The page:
“I walk my dogs every morning to our nearest beach, Trá na Dough, and I was very aware of the volume of garbage there. I checked with Clean Coasts and the beach had not yet passed. Ray O’Foghlu (Coastal Programs Manager at An Taisce) was very helpful in setting up the Trá na Dough Clean Coasts group and providing a starter kit, even though there was only one member! ‘

Hannah Frost and Charlie Lee, who Danny had chatted with at the beach, joined him for their first cleanup last November when they collected six bags.

“Our local council waste manager, Teddy Browne, is extremely helpful in arranging the collection of our full bags.

“Ray O’Foghlu and Sandra Flynn (Skibbereen Tidy Towns) made our first cleanup public on their social media and then we became a multinational group of 11 volunteers.

“We did another cleanup in December and adopted a second beach, Trá na Gach (the beach near the coast guard station).

“Then the lockdown meant we couldn’t hold any events. However, myself and a neighbor from Toe Head, Tom Carroll, did some informal cleanups within our 5 mile limit.

The group plans to do a formal cleanup of both beaches later this month. Typically, they collect between three and seven bags which are mostly plastic containers / bags and fragments of fishing net / line.

The shattering views Danny encountered include dead seabirds tangled in fragments of fishing line / net.

Like Mark however, he is not discouraged and he thinks that the vast majority of people seem very aware of the need to bring beach litter home with them.

“The minority who dump litter on the beach or from boats will hopefully become more environmentally conscious as issues continue to be raised in the media and seeing groups of volunteers like us at job.

“The more people involved in the appeal, the better for our wildlife, our enjoyment of our wonderful beaches and the preservation of both for future generations,” Danny concluded.

Danny Smith of Clean Coasts on Trá na Dough Beach on Toe Head, Castlehaven. Photo: Anne Minihane.

“It is a question of distributing the responsibility”

Catherine Turner of Castletownbere knows the cost of marine litter better than anyone.

Her husband Damien is a fisherman, whose boat propeller was recently damaged by a net abandoned at sea.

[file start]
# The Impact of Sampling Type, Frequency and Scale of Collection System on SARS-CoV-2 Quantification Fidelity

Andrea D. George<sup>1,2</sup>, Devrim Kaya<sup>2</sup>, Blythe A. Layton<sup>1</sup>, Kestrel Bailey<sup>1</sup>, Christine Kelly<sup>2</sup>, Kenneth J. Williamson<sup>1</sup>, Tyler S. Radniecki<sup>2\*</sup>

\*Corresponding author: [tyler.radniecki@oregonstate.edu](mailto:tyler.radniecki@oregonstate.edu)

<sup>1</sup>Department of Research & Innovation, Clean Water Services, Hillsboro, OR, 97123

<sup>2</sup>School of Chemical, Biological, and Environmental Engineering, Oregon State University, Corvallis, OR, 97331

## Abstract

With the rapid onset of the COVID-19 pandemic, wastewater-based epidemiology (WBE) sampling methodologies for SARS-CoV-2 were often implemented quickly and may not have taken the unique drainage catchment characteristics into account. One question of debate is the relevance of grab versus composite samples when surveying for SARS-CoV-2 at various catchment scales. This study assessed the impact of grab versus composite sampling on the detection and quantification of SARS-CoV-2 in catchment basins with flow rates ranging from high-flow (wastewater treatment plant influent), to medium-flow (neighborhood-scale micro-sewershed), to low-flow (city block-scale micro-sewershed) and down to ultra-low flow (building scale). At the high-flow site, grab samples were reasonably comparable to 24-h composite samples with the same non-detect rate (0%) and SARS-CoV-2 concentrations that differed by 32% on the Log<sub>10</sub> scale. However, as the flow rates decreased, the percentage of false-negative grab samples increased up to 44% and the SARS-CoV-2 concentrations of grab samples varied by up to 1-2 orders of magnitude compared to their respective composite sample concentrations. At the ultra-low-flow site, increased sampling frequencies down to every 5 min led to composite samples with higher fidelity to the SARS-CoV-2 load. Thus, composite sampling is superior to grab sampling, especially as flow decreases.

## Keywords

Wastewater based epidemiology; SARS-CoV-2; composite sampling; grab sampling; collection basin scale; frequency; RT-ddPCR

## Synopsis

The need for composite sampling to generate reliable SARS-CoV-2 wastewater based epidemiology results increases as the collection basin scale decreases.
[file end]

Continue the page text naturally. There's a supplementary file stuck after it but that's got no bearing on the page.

“He had to be towed ashore by a tug and lost a day of fishing as a result. It was the second local boat in 48 hours to have this happened – another propeller was damaged by a rope, ”said Catherine.

Since the start of the lockdown, like so many others, Catherine has spent more time walking and with her friend Sandra O’Shea, they have each started to fill a bag of garbage on their routes.

It turned into more organized cleanups with others at Tom O’Brien’s Beach, Tralehan Strand, a bit of Dunboy Woods, Pulleen Pier.

“Litter keeper Teddy Browne provided us with bags, trash collectors and gloves and they were very successful. At Tom O’Brien’s beach, we filled a large van full of trash, with things like crates of fish, barrels of oil and rope, ”said Catherine.

It was February, and it’s something Catherine hasn’t stopped mastering ever since.

“It was horrible to see how much garbage there was. As a fishing port we have that extra level of plastic and ropes here, although all the local boats are really fantastic in the way they dispose of their waste, ”she pointed out.

Catherine is fully behind the # 2minutebeachclean and urges people to get involved.

“If we all take care of our own road or our own area, it really helps. I put a garbage bin near my house which is near Tralehan and people are using it.

“This is my contribution and it is about distributing the responsibility. If everyone does a little bit, it will help a lot.

Sandra O’Shea and Catherine Turner at Tralhan Strand, Castletownbere.